67395 The old adage, “you are what you eat” seems to hold significance when it comes to the mental performance of children, according to new evidence that has surfaced about pre-birth and early life nutrition. It seems these are critical times in the programming of long term health, well being, brain development and mental performance and certain nutrients play an important role in the process.
Researchers from the NUTRIMENTHE project addresses this in a 5-year study that involved hundred of European families with young children. They looked at the effects B vitamins, folic acid, breast milk, formula, iron, iodine and omega-3 fatty acids had on cognitive, emotional and behavioral development in children from birth through nine years of age.
The study found that folic acid, recommended in many European countries, taken during the first three months of pregnancy can reduce the possibility of behavioral problems during early childhood. Eating oily fish was also discovered to be beneficial for not just the omega-3 fatty acids that are the building blocks of brain cells, but also because of the iodine content that appears to have a positive effect on reading ability in children when measured at around nine years of age.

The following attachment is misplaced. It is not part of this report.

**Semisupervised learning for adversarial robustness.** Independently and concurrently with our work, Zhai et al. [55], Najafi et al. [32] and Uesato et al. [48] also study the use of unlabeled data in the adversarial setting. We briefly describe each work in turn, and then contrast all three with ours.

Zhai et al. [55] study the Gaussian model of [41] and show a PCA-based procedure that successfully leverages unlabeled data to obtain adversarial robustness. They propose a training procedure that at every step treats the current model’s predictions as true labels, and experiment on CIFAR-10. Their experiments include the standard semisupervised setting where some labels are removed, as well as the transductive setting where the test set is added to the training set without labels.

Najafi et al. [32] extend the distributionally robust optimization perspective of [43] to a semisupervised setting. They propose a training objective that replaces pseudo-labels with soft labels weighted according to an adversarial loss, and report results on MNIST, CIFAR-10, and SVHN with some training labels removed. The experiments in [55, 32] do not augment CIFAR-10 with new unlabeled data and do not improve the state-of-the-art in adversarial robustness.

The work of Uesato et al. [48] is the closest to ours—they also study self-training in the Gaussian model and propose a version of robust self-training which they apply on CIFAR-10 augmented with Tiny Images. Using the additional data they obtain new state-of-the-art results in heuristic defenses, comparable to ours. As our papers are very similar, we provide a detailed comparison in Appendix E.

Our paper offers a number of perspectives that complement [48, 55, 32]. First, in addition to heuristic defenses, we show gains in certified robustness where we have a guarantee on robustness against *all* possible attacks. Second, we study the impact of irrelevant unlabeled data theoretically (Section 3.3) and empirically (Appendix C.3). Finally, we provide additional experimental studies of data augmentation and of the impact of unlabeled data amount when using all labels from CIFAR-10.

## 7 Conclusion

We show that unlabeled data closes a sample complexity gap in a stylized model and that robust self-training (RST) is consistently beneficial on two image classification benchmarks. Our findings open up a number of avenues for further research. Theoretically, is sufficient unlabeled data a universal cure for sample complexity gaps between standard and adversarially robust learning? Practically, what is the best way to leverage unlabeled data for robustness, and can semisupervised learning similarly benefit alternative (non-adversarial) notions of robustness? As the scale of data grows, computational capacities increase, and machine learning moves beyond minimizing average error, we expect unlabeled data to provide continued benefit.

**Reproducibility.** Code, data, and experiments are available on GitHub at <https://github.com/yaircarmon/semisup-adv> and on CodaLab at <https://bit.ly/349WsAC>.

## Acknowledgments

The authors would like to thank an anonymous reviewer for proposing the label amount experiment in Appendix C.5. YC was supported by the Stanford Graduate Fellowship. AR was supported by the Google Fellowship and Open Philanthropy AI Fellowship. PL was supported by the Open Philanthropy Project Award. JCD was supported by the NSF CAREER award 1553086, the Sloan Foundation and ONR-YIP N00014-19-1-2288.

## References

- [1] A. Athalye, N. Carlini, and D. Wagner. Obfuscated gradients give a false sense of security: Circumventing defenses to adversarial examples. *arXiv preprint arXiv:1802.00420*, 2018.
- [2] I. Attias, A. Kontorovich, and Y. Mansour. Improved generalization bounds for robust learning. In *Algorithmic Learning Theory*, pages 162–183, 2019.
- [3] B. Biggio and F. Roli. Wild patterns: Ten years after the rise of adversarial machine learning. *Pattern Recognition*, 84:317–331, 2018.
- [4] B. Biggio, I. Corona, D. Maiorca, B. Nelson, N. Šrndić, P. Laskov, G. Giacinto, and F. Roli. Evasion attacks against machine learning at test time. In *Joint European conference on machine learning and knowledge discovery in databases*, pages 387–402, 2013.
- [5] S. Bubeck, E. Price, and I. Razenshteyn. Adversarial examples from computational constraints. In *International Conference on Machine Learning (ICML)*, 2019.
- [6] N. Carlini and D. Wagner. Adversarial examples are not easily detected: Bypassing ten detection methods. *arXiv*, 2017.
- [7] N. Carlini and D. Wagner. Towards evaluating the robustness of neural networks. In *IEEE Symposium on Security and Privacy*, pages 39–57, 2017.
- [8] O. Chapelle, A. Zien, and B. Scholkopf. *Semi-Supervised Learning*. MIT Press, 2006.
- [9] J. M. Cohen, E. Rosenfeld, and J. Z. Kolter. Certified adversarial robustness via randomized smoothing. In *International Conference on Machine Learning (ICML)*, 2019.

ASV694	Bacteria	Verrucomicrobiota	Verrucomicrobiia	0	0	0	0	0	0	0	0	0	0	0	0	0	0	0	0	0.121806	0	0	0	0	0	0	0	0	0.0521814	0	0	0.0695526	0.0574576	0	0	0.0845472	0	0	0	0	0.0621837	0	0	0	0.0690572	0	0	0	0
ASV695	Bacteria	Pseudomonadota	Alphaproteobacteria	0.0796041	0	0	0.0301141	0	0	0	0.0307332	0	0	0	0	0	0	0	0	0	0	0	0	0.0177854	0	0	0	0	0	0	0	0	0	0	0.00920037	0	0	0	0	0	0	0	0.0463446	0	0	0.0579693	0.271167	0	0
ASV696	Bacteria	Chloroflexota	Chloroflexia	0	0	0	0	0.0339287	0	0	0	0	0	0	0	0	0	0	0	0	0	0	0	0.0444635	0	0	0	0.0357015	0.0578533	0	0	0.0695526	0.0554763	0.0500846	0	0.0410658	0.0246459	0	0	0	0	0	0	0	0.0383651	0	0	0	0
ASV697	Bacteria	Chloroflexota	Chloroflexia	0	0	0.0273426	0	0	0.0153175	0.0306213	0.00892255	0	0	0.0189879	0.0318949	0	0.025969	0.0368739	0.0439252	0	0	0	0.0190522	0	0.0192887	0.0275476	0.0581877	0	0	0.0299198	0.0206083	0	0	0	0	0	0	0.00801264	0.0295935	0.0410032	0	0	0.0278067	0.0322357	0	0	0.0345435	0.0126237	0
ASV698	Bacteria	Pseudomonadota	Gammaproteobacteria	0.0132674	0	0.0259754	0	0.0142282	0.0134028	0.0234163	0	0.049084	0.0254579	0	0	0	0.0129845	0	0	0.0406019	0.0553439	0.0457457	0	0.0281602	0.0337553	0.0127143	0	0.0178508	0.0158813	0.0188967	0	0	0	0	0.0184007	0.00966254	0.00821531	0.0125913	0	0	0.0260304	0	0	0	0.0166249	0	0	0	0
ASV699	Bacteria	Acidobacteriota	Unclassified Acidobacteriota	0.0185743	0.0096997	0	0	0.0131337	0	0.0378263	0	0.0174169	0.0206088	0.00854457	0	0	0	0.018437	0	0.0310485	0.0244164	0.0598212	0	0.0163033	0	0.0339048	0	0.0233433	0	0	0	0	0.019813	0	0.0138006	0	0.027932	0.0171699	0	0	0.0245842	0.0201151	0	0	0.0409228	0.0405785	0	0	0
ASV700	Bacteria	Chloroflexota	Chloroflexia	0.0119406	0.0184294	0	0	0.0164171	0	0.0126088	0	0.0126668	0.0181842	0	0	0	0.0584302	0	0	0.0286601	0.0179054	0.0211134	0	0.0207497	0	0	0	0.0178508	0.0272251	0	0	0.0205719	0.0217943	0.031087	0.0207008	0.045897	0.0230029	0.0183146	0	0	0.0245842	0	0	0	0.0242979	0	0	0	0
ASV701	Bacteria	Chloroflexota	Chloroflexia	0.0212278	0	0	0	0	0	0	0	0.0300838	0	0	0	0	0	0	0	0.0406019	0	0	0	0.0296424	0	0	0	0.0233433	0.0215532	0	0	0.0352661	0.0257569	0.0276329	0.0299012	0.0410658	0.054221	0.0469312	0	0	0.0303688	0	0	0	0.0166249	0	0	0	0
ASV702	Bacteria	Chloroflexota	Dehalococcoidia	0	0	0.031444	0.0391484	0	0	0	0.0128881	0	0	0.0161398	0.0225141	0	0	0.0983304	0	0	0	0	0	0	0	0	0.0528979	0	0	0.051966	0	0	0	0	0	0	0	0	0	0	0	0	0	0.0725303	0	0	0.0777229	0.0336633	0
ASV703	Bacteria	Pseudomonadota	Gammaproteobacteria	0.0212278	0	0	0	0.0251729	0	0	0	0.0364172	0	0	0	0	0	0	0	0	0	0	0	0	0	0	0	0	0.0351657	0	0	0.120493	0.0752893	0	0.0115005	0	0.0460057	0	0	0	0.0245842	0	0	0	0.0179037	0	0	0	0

According to Professor Cristina Campoy, lead on the project, a long term study was needed. She explained, “Short term studies seem unable to detect the real influence of nutrition in early life. NUTRIMENTHE was designed to be a long term study, as the brain takes a long time to mature, and early deficiencies may have far reaching effects. So, early nutrition is most important.”
Many other factors can also affect a child’s mental performance, including educational level, socioeconomic status and age of the parents. NUTRIMENTHE also discovered that the genetic background of the mother and child also has an effect as it can influence how some nutrients are processed and transferred during pregnancy and breastfeeding.
Cristina Campoy, giving advice to parents, explained, “it is important to try to have good nutrition during pregnancy and in the early life of the child and to include breastfeeding if possible, as such ‘good nutrition’ can have a positive effect on mental performance later in childhood.” She went on to explain, “however, in the case of genetics, future studies should include research on genetic variation in mothers and children so that the optimum advice can be given. This area is relatively new and will be challenging!”
This new information discovered by NUTRIMENTHE will contribute to the science base for dietary recommendations for pregnant women and children for improving mental performance.